GRANTISM AND MR. GREELEY
Ulysses S. Grant v. Horace Greeley, President, 1872
The choice between Grant and Greeley is like a choice between hem-
lock and strychnine.
—U.S. Senator Alexander Stephens, Georgia
This presidential campaign, like so many in this particular era of American history, is known as one of the nastiest, most personally vicious political campaigns ever. It deteriorated into what the New York Sun called "a shower of mud."1 Indeed, President Grant's opponent, Horace Greeley, died a few short weeks after the campaign, purportedly from exhaustion and depression.
Aside from Richard Nixon, no American president was more associated with scandals than Ulysses S. Grant, president from 1869 to 1877. Actually, the sheer number of Grant's scandals probably outnumbered Nixon's, but unlike Tricky Dick, Grant himself was not personally implicated in any wrongdoing.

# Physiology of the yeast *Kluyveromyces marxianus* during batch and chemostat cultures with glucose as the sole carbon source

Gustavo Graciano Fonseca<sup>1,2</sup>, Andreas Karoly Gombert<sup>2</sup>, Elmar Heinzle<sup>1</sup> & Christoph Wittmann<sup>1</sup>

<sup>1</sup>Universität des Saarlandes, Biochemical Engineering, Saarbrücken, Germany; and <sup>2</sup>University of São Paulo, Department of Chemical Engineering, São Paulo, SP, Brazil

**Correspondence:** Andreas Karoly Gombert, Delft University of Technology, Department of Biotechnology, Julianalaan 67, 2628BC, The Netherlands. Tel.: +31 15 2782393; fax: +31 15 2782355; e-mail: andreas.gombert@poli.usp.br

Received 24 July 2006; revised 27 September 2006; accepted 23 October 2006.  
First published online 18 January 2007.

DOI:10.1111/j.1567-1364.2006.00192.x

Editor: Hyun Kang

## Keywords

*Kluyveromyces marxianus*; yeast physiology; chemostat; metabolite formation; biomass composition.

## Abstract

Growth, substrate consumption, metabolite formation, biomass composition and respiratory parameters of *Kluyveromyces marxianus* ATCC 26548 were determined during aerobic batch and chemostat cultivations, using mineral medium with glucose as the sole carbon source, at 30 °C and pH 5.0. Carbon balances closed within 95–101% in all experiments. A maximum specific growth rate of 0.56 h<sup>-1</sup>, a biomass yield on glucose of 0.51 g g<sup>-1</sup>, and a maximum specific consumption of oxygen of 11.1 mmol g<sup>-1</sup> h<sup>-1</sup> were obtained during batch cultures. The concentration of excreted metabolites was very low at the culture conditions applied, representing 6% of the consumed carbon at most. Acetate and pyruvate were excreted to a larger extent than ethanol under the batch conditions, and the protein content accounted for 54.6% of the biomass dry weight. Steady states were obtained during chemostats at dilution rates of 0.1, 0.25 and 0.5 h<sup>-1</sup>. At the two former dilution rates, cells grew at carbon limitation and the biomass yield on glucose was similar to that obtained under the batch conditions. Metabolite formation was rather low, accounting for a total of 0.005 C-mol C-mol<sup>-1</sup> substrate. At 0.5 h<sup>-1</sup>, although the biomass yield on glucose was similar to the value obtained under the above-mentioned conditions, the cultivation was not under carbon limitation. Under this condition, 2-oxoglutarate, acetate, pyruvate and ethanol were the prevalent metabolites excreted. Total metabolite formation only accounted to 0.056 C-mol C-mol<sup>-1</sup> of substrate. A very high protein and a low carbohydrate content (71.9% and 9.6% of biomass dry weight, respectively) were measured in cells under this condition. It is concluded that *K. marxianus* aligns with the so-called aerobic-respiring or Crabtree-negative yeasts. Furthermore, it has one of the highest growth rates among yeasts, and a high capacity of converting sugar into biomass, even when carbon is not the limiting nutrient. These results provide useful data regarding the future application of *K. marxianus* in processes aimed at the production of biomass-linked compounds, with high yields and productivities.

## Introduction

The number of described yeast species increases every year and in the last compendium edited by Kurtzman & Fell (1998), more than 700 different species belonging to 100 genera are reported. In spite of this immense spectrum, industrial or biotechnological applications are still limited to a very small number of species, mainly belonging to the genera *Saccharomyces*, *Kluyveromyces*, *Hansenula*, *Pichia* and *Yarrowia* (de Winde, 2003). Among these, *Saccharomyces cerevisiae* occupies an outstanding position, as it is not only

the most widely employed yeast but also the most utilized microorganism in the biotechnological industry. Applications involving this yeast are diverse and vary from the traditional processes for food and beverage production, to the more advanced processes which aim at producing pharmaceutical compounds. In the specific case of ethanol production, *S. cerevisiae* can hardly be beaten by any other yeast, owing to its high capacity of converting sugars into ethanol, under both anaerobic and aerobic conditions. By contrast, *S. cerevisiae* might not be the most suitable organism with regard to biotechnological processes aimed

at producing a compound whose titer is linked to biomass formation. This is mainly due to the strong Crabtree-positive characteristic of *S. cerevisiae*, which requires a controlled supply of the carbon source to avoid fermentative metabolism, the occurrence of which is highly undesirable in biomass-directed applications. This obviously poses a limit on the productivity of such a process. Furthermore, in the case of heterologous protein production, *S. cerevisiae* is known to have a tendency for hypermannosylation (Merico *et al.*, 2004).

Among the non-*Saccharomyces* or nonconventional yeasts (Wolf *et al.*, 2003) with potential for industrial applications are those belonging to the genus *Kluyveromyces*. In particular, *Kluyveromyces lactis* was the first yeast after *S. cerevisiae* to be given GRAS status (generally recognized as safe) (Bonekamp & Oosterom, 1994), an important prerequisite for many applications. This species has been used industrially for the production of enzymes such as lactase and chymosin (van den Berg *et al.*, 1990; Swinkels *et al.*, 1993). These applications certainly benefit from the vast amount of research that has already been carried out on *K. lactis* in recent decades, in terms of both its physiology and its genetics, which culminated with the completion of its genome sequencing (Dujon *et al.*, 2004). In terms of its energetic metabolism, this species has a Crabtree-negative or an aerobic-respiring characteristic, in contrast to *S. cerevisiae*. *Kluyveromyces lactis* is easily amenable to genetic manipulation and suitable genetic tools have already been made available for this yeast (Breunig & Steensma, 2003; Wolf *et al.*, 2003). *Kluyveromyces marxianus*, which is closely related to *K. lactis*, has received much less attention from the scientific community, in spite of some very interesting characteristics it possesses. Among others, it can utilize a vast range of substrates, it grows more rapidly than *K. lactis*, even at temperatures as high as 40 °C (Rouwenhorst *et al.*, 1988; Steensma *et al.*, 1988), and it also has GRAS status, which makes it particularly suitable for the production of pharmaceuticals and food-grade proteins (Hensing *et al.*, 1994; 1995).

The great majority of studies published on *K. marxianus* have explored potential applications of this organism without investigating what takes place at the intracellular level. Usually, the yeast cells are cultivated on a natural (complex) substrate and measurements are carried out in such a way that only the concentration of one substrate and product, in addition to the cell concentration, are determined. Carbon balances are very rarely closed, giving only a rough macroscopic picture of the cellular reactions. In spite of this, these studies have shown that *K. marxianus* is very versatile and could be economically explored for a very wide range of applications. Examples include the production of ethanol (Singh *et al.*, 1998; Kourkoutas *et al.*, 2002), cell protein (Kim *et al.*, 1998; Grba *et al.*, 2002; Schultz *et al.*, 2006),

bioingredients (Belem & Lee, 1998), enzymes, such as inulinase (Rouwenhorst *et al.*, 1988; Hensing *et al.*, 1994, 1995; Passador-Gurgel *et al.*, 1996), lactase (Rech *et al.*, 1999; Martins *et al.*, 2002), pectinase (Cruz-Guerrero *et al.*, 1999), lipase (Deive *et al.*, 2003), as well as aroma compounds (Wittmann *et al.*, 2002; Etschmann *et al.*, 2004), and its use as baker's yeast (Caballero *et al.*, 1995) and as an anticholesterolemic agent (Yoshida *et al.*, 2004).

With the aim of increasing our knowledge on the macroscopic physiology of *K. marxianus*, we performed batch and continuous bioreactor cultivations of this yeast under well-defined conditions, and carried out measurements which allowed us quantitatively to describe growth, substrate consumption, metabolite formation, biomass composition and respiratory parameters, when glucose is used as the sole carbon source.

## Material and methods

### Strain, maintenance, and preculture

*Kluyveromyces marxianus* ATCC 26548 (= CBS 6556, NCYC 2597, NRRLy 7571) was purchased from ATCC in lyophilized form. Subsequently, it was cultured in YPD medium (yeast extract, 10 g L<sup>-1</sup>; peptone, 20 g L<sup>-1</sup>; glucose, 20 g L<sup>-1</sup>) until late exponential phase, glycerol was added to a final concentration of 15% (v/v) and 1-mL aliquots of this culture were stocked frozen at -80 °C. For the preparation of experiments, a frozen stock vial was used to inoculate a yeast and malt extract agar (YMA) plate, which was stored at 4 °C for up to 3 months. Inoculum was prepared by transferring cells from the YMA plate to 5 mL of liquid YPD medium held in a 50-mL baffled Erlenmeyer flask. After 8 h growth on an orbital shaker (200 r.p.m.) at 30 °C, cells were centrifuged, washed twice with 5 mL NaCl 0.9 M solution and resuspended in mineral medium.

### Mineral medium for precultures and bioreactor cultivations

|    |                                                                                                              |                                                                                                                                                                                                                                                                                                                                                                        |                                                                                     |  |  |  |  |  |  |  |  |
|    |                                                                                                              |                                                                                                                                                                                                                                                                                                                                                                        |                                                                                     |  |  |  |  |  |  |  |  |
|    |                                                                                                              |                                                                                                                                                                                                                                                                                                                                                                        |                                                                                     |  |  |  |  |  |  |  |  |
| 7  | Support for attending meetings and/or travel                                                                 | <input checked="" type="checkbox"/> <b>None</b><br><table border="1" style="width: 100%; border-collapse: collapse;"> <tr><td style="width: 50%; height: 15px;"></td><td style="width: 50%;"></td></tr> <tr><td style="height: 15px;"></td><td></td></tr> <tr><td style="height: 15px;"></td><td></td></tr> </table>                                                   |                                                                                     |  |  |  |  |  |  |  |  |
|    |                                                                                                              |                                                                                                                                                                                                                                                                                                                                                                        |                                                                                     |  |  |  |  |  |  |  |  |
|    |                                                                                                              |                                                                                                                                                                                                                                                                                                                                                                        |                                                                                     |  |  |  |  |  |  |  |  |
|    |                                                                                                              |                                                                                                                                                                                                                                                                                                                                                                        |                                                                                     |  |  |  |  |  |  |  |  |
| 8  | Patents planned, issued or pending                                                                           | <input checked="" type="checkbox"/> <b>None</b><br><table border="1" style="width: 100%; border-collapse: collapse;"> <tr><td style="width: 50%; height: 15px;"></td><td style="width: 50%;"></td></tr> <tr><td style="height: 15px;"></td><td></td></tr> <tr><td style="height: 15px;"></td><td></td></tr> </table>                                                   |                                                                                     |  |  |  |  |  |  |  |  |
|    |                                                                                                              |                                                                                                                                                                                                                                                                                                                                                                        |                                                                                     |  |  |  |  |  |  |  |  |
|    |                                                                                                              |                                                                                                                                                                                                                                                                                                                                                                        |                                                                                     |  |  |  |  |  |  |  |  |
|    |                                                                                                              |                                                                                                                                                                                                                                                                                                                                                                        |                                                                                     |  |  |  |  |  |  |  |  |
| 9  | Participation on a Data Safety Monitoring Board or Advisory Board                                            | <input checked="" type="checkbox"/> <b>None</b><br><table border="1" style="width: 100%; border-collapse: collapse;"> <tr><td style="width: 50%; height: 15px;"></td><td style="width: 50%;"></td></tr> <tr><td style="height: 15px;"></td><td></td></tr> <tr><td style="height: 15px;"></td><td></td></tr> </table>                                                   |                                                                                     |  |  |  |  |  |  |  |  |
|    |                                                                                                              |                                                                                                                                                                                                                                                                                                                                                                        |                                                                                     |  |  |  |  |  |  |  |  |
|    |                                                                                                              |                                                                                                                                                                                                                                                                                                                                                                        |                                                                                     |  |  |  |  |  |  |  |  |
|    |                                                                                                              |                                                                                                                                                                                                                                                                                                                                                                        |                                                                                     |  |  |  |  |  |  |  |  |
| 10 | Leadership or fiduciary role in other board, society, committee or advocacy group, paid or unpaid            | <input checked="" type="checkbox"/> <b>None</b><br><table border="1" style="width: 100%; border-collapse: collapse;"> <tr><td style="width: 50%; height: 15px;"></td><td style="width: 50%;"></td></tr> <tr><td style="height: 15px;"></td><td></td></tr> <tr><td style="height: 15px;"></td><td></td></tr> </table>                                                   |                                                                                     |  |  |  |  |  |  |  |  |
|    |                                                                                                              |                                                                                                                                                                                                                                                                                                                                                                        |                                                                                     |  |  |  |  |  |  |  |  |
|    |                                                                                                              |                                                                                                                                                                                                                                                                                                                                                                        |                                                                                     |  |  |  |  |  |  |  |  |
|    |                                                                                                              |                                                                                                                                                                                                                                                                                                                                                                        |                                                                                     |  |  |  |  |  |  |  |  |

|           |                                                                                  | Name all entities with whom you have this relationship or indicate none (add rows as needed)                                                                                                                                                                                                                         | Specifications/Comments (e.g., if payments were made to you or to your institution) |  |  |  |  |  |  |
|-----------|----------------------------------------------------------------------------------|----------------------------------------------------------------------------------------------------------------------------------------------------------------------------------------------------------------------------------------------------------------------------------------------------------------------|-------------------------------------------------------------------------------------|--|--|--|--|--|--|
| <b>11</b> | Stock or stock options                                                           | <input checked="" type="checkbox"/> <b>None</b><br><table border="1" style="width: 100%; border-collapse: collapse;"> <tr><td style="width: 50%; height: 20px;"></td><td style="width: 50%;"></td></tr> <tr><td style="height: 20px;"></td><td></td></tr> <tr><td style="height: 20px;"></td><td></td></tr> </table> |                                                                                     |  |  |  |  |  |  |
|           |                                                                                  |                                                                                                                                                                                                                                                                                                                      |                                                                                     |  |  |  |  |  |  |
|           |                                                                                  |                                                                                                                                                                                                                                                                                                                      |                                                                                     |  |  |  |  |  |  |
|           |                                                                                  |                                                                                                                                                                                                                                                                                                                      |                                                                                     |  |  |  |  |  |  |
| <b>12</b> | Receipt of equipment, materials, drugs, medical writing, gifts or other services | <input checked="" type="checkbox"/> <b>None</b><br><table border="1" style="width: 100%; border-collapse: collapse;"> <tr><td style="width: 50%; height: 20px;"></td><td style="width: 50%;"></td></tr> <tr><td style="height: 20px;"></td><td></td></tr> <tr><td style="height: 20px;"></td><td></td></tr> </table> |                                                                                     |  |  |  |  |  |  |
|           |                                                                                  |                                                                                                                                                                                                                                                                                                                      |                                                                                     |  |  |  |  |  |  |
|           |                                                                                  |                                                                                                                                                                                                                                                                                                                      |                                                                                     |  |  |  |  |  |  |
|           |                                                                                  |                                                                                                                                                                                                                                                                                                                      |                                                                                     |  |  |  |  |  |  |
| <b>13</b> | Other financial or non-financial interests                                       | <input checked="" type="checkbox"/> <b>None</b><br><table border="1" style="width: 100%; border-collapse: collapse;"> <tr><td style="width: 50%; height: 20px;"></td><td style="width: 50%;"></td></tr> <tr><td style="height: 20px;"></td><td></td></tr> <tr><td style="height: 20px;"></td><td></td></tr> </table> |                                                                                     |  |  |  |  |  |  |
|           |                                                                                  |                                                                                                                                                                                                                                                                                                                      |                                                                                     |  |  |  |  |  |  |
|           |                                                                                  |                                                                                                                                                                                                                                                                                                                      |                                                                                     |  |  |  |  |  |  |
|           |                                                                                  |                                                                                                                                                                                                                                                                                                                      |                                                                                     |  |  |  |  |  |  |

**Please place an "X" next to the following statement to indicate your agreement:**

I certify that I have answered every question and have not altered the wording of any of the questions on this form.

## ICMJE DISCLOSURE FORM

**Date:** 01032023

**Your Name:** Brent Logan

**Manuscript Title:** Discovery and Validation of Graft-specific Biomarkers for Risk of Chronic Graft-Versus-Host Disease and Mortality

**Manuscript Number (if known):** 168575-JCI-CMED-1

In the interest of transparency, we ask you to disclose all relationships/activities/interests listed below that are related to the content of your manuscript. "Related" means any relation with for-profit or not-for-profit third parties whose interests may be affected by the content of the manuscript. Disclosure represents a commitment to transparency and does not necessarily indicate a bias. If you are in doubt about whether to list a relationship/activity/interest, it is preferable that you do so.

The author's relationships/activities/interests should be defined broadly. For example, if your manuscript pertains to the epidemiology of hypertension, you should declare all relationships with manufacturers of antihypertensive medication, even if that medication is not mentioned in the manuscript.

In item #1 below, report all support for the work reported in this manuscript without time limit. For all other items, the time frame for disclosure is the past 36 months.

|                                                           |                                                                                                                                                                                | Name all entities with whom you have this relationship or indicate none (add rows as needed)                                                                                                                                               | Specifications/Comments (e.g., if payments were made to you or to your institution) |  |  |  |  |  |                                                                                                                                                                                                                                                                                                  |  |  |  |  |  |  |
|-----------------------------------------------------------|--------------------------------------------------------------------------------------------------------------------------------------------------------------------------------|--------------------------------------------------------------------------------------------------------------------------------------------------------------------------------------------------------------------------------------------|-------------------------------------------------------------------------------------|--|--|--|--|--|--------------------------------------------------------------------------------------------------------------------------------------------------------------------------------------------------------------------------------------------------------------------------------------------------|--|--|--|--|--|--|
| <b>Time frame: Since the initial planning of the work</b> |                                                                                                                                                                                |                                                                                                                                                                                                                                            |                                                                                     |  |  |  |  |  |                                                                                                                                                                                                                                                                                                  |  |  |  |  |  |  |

But apparently Grant was such a poor judge of character and so lacking in the political skills of many of his peers that he set the stage for what became known as one of the most corrupt eras in American politics. He appointed cabinet secretaries and other high-ranking officials who generated numerous political and financial scandals, dragging Grant's name through the mud in the process.
It was surprising to many—and disappointing to all—that the most distinguished military leader of the Civil War and a national hero should be so tainted by scandal and incompetence. In the post–Civil War/Reconstruction